512 West 19th St. between Tenth & Eleventh Aves.
October 7-11, 8:00 (plus 3:00 matinee on 10/11)
Agnès Varda’s 1961 Nouvelle Vague classic, CLÉO FROM 5 TO 7, is as much about filmmaking as it is about its subject, a small-time chanteuse wandering the streets of Paris as she fearfully awaits the results of a biopsy. New York-based Big Dance Theater, under the artistic direction of husband-and-wife team Annie-B Parson and Paul Lazar, reinvents the seminal real-time film onstage in the vastly entertaining COMME TOUJOURS HERE I STAND. Turning the process itself into the narrative, BDT creates a multimedia mix of dance, music, and video centered around the making of the film, with a diva star (Molly Hickok) playing the diva star. Parson and Lazar, who based the production on Varda’s screenplay — they didn’t watch the movie itself until things were well under way — brilliantly incorporate a wonderful set featuring three vertical multipurpose screens and a rolling staircase. Evoking New Wave master Jean-Luc Godard, much of the action takes place in between shots, “off camera,” involving the cast and crew, focusing on Cléo’s ever-more-frustrated costars, one of whom (Kourtney Rutherford) is in a continuing phone drama with her boyfriend.
Fans of the film won’t be disappointed — BDT includes all the familiar scenes, from visits to a fortune-teller and a hat shop to a musical interlude with Cléo’s pianist (Chris Giarmo, who plays numerous roles) and a walk in the park with a poetic soldier (Ryutaro Mishima). Refreshingly, COMME TOUJOURS HERE I STAND, which runs at the Kitchen through October 11, also maintains Varda’s focus on women’s experience and interaction with each other. Rare for the current New York stage, the production provides three major female roles, with fine performances from Hickok, Rutherford, and especially Tymberly Canale.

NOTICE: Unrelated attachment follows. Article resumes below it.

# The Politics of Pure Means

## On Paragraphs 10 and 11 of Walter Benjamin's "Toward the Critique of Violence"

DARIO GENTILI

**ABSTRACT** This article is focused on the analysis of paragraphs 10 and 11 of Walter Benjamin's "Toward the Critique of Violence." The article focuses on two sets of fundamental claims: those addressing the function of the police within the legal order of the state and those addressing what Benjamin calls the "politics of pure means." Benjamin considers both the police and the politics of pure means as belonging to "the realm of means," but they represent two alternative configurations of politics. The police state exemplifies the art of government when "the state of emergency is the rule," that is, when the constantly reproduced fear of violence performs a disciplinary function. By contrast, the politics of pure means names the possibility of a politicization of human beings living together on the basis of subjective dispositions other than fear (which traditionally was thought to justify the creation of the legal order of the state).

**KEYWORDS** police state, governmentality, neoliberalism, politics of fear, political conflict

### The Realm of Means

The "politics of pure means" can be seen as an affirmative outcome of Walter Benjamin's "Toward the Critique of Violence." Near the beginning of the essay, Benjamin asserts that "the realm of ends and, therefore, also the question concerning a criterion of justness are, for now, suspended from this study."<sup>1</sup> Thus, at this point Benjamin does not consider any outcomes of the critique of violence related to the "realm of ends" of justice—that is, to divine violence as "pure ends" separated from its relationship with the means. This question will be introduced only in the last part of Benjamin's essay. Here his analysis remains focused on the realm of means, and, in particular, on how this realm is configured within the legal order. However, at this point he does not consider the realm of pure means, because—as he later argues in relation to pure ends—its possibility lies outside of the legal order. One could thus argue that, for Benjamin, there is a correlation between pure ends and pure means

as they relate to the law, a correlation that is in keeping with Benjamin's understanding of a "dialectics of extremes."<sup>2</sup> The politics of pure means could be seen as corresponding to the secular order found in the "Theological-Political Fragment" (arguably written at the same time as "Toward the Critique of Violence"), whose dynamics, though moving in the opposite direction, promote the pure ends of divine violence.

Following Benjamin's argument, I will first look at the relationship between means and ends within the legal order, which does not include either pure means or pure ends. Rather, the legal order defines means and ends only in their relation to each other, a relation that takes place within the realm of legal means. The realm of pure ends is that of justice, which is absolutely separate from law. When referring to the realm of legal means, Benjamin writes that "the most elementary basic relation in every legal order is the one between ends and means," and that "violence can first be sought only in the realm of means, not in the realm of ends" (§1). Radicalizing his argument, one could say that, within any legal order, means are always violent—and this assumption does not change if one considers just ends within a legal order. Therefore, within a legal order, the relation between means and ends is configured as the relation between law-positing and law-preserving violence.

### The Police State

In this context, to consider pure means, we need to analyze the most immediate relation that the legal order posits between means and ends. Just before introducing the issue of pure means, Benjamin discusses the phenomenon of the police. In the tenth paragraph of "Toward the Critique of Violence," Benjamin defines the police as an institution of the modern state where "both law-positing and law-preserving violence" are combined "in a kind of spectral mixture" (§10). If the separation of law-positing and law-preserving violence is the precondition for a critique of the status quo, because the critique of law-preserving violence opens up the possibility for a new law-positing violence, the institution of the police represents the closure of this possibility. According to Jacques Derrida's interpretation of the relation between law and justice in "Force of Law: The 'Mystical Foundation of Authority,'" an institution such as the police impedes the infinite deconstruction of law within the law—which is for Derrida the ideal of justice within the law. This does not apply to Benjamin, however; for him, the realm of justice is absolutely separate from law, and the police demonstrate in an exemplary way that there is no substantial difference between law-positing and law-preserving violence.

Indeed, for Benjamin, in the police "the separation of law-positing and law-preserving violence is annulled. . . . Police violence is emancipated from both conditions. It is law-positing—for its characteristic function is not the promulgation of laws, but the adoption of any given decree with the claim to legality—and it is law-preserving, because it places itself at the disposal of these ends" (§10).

CLEO FROM 5 TO 7 (CLÉO DE 5 À 7) (Agnès Varda, 1962)
Available on DVD
After getting a biopsy taken and drawing the death card while consulting a fortune-teller, popular French singer Cléo (Corinne Marchand) begins looking back at her life — and wondering just what’s left of it — while awaiting the dreaded results. The blonde beauty talks with old friends, asks her piano player (Michel Legrand, who composed the score) to write her a song, and meets a dapper gentleman in the park, becoming both participant and viewer in her own existence. As Cléo makes her way around town, director (and former photographer) Agnès Varda shows off early 1960s Paris, expertly winding her camera through the Rive Gauche. Just as Cléo seeks to find out what’s real (her actual name is Florence and that gorgeous hair is a wig), Varda shoots the film in a cinema verité style, almost as if it’s a documentary. She even sets the film in real time (adding chapter titles with a clock update), enhancing the audience’s connection with Cléo as she awaits her fate, but the movie runs only ninety minutes, adding mystery to what is to become of Cléo, as if she exists both on-screen and off, alongside the viewer. A central film in the French Nouvelle Vague and one of the first to be made by a woman, CLÉO DE 5 À 7 is an influential classic even as it has lost a step or two over the years. Varda, now in her eighties, has also made such well-regarded films as LE BONHEUR (1965), VAGABOND (1985), THE GLEANERS AND I (2000), and THE BEACHES OF AGNÉS (2008), among others. Big Dance Theater has reimagined the film in a multimedia production, COMME TOUJOURS HERE I STAND, that runs at the Kitchen through October 11.